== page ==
In the May 2019 issue of Quadrant, its literary editor, Barry Spurr, inveighed against the ‘inane expansion of creative writing courses’. Professor Spurr’s scholarly accomplishments in the study of poetry and Australian fiction do not include creative writing. (His resignation from the University of Sydney was accepted in December 2014.) While many Australian authors have spectacularly succeeded without degrees in creative writing, such courses have certainly helped others – including Nam Le, Ceridwen Dovey, and Matthew Hooton – to write prize-winning fiction. Before studying creative writing in Canada, the United Kingdom, and Australia, where he now teaches in the course at Adelaide University, Hooton worked for four years as an editor and teacher in South Korea. Typhoon Kingdom is his second novel about Korea, following Deloume Road, which won the Guardian’s ‘Not the Booker Prize’ in 2010.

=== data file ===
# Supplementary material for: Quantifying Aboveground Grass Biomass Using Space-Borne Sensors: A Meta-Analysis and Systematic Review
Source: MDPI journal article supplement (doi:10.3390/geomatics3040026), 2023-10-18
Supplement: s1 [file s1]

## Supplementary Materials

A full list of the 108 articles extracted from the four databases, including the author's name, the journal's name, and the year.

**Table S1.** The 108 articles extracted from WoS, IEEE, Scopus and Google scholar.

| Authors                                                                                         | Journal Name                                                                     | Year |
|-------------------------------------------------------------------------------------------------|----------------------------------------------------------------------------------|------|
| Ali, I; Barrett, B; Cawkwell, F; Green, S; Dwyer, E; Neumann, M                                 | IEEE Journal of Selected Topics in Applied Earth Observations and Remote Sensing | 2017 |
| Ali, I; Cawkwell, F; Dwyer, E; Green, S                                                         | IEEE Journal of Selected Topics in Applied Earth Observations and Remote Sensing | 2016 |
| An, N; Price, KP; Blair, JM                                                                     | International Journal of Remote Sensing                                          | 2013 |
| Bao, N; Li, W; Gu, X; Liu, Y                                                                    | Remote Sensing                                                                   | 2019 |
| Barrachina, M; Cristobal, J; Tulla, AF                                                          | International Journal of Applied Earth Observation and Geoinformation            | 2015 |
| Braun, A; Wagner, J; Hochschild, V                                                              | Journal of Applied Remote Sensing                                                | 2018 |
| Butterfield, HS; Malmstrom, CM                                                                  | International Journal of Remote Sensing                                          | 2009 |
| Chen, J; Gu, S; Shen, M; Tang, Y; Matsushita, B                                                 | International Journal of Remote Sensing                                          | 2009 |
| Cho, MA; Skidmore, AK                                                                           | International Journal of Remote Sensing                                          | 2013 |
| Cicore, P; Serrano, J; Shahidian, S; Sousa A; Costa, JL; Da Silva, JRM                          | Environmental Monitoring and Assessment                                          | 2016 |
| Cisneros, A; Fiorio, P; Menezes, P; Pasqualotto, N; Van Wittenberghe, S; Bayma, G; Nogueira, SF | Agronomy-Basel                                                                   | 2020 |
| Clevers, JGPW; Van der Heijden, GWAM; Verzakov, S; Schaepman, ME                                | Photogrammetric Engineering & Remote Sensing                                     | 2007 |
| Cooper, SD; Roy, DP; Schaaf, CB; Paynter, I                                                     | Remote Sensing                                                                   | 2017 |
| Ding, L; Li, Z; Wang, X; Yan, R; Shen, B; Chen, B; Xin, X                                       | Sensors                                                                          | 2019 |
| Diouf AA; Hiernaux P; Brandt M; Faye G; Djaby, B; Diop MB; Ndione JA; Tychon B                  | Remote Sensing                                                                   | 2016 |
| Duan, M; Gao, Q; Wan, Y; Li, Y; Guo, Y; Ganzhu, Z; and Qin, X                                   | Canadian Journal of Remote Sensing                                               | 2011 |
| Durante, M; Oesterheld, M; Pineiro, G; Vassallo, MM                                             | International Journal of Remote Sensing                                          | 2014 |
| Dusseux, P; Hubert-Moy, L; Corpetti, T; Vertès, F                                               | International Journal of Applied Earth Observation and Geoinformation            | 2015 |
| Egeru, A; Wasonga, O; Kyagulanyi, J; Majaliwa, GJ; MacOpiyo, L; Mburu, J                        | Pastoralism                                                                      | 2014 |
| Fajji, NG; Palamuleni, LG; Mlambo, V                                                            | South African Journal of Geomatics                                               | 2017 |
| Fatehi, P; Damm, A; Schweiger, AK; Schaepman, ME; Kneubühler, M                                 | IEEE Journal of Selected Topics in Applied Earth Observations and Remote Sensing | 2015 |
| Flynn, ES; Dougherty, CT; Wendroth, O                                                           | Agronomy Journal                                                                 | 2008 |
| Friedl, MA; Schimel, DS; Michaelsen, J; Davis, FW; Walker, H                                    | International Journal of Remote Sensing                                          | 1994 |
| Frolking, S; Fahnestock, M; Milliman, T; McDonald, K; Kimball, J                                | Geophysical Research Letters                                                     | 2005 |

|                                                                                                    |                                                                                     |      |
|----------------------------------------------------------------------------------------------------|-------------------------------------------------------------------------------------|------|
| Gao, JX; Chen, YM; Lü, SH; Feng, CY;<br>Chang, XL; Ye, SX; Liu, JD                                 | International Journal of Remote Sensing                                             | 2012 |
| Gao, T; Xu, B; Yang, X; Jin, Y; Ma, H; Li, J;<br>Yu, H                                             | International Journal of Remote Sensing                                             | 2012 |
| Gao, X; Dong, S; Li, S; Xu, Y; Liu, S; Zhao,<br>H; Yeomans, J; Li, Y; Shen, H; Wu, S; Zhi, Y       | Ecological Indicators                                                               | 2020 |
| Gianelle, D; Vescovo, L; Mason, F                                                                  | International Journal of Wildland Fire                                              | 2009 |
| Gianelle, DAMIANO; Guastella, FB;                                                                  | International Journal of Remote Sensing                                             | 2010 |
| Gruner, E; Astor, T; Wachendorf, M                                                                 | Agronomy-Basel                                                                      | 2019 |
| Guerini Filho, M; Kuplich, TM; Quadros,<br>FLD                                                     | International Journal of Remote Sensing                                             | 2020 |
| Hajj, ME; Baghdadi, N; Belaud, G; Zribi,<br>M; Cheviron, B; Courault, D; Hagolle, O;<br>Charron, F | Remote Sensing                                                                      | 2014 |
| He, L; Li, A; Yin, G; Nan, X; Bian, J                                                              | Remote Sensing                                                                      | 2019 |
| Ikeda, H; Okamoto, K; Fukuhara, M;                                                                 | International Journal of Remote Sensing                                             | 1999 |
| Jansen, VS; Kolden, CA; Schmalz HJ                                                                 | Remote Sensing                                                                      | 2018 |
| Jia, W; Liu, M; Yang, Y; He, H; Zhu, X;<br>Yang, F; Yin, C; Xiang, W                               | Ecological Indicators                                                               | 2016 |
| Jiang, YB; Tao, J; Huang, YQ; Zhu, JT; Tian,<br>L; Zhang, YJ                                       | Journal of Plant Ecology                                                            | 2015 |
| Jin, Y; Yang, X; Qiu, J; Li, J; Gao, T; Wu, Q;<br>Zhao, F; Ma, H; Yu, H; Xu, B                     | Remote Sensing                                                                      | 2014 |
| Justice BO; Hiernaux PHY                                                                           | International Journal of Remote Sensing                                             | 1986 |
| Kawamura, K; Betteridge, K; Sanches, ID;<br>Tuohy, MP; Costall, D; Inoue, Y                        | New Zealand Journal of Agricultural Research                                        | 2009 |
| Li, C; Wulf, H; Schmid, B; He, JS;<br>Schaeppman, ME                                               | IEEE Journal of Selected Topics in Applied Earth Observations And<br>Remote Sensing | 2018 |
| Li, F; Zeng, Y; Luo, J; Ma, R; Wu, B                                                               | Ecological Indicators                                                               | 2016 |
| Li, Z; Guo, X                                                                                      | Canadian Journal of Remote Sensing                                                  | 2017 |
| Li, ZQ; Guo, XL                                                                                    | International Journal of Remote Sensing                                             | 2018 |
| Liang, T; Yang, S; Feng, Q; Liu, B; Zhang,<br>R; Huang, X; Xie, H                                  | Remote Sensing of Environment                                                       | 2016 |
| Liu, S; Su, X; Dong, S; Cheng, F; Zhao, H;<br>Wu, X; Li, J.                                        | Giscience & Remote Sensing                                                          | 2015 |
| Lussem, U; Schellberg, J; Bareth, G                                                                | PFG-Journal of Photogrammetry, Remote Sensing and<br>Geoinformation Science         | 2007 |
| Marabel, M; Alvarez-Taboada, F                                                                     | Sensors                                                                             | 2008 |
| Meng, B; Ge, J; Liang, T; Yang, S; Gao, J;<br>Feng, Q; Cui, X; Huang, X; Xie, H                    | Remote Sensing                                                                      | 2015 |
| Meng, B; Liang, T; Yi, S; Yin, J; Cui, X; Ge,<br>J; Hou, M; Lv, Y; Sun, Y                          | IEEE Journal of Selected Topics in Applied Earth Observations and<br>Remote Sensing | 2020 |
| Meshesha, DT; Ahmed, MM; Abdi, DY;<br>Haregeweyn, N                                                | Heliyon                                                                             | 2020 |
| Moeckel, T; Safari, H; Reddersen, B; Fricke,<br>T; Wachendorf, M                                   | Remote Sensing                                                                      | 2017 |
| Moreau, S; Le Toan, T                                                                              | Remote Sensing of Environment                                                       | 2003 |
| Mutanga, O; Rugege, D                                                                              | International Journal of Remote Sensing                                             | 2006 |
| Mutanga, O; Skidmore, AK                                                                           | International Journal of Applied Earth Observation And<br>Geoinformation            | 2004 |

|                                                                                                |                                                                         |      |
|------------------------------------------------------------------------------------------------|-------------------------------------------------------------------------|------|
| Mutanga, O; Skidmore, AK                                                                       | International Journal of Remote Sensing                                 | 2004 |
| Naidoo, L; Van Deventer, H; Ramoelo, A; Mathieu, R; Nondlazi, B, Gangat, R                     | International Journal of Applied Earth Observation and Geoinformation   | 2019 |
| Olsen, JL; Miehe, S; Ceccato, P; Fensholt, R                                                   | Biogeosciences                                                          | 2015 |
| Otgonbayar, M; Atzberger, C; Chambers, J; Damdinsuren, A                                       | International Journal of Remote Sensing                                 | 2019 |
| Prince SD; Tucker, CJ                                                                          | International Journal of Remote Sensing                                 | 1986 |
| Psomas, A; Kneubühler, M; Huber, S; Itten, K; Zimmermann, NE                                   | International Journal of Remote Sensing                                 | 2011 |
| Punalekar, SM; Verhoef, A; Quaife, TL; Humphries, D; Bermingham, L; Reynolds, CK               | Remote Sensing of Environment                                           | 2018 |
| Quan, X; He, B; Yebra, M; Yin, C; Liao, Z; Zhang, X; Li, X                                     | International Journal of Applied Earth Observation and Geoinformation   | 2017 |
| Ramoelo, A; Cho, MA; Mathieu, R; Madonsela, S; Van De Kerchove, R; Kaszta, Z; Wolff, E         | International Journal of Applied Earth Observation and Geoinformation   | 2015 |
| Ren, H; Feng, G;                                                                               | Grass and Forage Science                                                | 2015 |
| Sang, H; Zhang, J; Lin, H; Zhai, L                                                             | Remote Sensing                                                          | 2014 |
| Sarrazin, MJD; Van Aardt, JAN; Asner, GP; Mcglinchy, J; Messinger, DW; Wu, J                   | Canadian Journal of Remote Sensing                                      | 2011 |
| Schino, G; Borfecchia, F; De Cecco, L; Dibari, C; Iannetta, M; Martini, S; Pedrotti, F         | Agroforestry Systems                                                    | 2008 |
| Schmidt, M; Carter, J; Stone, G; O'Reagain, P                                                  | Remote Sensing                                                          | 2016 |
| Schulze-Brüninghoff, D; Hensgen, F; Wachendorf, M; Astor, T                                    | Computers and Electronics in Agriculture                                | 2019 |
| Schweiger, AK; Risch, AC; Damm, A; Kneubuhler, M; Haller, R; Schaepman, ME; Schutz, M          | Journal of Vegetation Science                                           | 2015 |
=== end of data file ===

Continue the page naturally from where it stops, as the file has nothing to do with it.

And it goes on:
The US forces who arrived in Korea in 1945 and fought there in 1951–53 called it ‘the hermit kingdom’, and the label stuck. God created war, Mark Twain proposed, so that Americans would learn geography. History too, perhaps. But Korea was never hermetically sealed. Centuries earlier, Koreans returned from China with foreign knowledge; the Manchu brought more outside influences; Scots, Australians, and Americans were there from the late nineteenth century as missionaries; and Japanese invaded and colonised the peninsula.